Tuesday, April 26, 2011

E-reptile dysfunction: Alligator(1980)

Seems like there are so many horror movies on the market featuring menacing, and often over-sized reptiles, that even a dedicated horror movie fan like myself can lose track of them. Just about every decade starting with the 1960's has seen movies produced to capitalize on rampaging lizards, snakes and other reptilian mutations. Films that come to mind include The Alligator people(1959), Hammer Film's The Reptile, The Giant Gila Monster(1959), Anaconda(1997) and Crocodile(2000).

Two of my personal favorite horror films featuring ravenous reptiles are the 1976, Tobe Hooper directed Eaten Alive, which features a grubby bayou motel owner who has this nasty habit of feeding his guests to his pet alligator...and Alligator, directed by Lewis Teague and originally released in theaters back in 1980.

The film's story:  a small, pet alligator named "Ramon" is unceremoniously flushed down the toilet by the Kendall family after being deemed a nuisance, the unwanted reptile ending up in a Chicago, Illinois sewer where the small creature, feeding on discarded and experimental laboratory dog carcasses(part of some experiments with hormones), not only survives but grows to a colossal length of thirty six(36) feet and two thousand pounds. The hungry, monster sized gator, to satisfy its hunger dines on homeless people and other vagrants. When body parts begin turning up in a public, man made city lake, a local cop named "David Madison"(played by Robert Forster) and a reptile expert named "Marisa Kendall"(played by Robin Riker) team up to investigate who, or what is doing the killing. Madison, a good guy and veteran cop with a tragic past, is predictably under the gun to find the killer by his caustic boss, Chief Clark...who also rejects the cop's claim the killer may be an animal of some kind.

The alligator eventually decides to tour the city and blasts through the street, literally, beginning a murderous, bloody rampage as it devours numerous locals who happen to get too close to its enormous and powerful jaws. The police try to kill the huge animal and fail. To that end  a renowned and equally arrogant, surly big game hunter, "Colonel Brock"(played by Henry Silva) has arrived in town to kill the giant alligator. The climax of the movie features the cop and his lady scientist pal taking on the huge gator in one last ditch effort to stop the creature. (no other spoilers)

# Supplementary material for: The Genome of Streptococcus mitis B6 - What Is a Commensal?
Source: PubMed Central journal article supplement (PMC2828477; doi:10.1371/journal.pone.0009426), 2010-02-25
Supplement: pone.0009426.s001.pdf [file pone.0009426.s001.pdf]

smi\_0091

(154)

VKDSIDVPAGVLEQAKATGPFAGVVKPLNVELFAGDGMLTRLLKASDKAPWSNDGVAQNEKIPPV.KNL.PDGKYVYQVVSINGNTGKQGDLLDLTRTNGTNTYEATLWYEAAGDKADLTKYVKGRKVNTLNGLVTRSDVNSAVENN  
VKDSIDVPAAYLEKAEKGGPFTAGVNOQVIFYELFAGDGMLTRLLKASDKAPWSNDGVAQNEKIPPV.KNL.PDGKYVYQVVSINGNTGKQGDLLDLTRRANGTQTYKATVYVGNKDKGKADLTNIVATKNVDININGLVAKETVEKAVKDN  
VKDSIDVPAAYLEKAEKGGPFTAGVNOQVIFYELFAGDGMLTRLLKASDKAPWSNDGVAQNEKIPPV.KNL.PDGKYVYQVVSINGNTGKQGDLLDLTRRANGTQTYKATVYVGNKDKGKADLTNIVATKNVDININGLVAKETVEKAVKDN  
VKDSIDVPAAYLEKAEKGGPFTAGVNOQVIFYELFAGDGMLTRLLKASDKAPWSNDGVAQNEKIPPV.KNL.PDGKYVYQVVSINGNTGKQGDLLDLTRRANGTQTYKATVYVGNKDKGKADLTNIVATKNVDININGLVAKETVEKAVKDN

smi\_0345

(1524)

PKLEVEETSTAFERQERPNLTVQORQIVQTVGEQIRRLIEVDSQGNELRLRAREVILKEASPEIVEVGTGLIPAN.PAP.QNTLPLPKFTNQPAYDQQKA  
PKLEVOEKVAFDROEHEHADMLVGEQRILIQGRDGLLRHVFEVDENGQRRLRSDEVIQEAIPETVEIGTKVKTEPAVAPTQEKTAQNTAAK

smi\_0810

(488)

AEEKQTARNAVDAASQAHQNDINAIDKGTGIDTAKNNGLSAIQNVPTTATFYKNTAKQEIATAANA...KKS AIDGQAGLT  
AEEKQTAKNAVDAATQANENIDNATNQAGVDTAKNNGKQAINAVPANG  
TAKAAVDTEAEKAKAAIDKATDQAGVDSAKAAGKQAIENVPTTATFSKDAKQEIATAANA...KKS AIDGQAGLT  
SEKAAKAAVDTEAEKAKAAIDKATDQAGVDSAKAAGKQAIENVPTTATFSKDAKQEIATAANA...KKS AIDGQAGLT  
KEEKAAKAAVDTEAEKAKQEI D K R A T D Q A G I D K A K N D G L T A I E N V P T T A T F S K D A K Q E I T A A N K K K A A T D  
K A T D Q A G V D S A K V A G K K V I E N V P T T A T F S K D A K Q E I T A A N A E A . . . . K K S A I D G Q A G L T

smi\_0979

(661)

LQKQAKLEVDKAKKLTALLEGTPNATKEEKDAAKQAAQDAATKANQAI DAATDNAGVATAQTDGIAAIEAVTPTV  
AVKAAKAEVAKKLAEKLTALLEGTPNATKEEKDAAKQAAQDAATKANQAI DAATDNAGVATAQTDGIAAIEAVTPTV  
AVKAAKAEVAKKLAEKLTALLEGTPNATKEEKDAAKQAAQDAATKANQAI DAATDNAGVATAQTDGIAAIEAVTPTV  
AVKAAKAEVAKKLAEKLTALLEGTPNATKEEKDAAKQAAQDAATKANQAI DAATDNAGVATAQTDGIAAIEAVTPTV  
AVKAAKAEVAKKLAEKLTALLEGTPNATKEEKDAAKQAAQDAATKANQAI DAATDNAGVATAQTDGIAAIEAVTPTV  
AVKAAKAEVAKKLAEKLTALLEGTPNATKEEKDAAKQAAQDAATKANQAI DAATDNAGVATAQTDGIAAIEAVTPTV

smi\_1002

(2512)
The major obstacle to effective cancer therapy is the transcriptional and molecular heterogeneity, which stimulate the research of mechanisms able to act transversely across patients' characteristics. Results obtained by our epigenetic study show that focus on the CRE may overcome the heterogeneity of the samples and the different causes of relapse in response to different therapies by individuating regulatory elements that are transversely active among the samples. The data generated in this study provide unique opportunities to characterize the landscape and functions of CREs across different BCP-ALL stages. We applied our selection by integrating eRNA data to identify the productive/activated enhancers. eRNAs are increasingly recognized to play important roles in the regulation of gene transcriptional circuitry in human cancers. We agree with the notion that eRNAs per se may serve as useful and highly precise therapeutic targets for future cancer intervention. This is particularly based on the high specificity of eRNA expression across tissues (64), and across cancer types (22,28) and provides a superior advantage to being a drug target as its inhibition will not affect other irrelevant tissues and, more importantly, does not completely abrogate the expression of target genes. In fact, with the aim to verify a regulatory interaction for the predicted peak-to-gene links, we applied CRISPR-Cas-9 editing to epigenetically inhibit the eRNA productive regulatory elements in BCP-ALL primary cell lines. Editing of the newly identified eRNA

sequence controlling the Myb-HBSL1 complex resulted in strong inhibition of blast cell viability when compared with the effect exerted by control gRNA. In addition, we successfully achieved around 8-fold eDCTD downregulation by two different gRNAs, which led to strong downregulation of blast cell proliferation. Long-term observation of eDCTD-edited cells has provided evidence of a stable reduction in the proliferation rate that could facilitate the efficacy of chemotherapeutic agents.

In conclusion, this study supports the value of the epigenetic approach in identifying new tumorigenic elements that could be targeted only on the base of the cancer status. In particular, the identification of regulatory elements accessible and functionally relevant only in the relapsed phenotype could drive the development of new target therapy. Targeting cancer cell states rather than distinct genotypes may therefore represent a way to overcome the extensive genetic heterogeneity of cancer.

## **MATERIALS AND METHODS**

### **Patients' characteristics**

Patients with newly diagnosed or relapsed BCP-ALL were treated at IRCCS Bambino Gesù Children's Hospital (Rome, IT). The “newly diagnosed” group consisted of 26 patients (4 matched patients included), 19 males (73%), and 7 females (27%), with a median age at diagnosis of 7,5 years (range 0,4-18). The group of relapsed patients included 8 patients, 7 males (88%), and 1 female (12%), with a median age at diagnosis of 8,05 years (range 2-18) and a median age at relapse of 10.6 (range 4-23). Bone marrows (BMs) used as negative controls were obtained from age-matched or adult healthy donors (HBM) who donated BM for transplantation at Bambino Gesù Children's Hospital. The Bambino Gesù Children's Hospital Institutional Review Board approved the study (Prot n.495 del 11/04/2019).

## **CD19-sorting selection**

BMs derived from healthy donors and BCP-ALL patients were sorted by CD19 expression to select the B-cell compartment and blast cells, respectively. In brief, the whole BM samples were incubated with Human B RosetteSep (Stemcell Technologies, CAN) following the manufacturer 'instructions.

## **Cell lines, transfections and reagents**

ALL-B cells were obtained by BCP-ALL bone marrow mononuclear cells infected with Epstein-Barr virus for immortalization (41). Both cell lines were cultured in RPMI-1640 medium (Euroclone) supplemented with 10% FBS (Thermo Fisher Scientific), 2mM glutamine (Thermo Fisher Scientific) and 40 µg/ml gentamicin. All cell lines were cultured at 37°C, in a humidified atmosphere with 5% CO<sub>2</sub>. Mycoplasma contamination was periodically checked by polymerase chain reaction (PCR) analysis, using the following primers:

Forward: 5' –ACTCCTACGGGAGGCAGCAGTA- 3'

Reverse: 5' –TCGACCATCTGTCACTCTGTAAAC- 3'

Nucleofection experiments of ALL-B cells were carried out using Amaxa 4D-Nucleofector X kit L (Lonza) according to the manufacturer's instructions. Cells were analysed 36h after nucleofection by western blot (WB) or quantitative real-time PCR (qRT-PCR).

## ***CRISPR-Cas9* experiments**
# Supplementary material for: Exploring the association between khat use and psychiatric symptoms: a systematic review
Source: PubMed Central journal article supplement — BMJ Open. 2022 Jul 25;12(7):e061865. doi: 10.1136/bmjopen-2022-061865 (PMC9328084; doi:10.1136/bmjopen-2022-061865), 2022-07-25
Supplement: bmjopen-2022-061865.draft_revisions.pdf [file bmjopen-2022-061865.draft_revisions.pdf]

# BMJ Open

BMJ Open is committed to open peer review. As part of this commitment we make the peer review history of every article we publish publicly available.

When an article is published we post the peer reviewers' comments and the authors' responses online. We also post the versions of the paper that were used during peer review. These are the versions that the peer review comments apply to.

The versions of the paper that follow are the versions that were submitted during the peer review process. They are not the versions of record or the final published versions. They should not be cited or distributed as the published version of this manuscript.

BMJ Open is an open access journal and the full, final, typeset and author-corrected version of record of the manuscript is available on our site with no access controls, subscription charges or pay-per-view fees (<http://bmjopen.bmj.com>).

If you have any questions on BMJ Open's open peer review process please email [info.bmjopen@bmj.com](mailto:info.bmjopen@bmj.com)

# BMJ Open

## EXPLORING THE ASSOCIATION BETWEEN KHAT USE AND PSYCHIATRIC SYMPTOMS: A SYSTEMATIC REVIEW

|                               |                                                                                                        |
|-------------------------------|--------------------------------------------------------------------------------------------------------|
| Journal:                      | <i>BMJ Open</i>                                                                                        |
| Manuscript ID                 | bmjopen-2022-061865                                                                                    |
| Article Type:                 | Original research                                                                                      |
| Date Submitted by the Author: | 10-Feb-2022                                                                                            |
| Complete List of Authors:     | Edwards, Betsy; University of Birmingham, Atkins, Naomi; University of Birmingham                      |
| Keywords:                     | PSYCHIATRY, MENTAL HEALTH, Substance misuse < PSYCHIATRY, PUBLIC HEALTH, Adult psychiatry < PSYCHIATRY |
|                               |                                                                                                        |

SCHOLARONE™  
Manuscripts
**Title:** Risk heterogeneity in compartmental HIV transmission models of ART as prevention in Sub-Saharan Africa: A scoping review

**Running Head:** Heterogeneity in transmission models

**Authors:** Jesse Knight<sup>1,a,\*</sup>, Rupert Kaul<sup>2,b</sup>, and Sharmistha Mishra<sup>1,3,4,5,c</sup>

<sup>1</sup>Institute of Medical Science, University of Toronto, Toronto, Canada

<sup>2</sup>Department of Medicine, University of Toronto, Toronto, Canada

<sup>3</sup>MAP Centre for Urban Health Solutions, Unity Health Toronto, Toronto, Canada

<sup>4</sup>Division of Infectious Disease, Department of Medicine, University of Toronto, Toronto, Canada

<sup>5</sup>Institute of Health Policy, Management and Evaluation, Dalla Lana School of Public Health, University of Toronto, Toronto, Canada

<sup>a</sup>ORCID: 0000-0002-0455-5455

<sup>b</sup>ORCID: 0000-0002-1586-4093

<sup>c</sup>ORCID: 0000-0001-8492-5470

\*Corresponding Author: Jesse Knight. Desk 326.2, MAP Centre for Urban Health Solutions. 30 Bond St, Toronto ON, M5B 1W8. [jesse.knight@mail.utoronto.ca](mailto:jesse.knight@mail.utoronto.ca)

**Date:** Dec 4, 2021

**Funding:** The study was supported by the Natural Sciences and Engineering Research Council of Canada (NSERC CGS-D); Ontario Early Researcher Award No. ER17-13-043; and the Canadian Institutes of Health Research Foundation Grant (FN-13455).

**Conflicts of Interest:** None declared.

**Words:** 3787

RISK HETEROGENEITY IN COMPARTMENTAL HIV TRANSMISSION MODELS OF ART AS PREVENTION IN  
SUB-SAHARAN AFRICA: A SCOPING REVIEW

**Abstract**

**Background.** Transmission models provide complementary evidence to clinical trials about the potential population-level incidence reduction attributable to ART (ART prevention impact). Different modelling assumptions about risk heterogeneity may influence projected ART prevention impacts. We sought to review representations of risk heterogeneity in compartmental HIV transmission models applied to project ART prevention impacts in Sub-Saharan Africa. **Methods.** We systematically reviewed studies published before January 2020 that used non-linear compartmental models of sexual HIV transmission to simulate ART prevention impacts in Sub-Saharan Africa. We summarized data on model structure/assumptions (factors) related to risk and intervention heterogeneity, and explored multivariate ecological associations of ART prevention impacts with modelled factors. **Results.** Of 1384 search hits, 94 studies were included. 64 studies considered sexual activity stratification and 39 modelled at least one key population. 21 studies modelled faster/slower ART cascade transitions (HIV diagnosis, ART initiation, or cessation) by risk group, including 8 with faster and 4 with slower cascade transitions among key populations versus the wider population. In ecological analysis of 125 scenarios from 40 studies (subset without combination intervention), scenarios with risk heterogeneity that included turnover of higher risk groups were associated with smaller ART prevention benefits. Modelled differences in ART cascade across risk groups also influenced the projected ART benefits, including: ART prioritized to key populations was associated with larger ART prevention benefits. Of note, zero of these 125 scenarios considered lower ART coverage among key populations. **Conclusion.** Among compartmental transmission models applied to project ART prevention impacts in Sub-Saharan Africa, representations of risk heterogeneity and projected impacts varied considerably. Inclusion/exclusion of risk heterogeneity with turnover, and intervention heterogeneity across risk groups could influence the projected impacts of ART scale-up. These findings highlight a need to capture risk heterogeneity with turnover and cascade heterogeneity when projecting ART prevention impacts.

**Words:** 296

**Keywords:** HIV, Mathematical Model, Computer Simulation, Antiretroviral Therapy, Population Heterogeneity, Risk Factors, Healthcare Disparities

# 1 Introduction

Observations: this film's effects are obviously dated by today's standards but the effects used to render the giant gator, including close up shots, are quite decent. Director Lewis Teague allows for some suspense before revealing the enormous creature from head to tail. Robert Forster is effective as a cop who, when not fretting about his receding hairline, displays real guts and determination in stopping the giant gator. Henry Silva's character, the big game hunter, is easy to despise: smug, conceited and brusque, he arrogantly presumes he will easily kill the huge alligator(which he doesn't by the way). The film obviously includes violence and some gore but not what I would call an excessive amount of gore. More attention seems to be focused by the director on the victims' sheer terror in the moments leading up to their being consumed by the giant gator as opposed to simply showcasing the blood, body parts and carnage. That doesn't mean there aren't numerous scenes of what I refer to as "meatball effects" because there are, you can be certain of that. The climax of the film, while not spectacular, is a satisfying conclusion to the movie, for me anyway. The highlight of this movie, from an effects perspective, might be the sequence where the monster sized alligator literally crashes an outdoor party attended by many local VIPs, the garden party quickly becoming a human stock yard of blood and flying bodies and body parts. The ensuing chaos and carnage caused by the arrival of the enormous alligator is well rendered as people scatter in terror, tables are upended, some of the party's attendees are trampled and of course there are those who become victims of the giant reptile.

The film's trailer:

Lionsgate Home Entertainment has released Alligator to quality R1 DVD(remastered picture and audio), the film presented in its original 1:78.1 widescreen aspect ratio and 5.1 digital audio. DVD extras include an audio commentary with director Lewis Teague and actor Robert Forster, an interview with writer John Sayles, English closed caption option and English/Spanish subtitles option.

The movie for sale on R1 DVD(Lionsgate) at Amazon: http://www.amazon.com/Alligator-Robert-Forster/dp/B000SQFBZA/ref=sr_1_1?s=dvd&ie=UTF8&qid=1303852893&sr=1-1
(or click the title of this blog entry to see the DVD for sale at Amazon)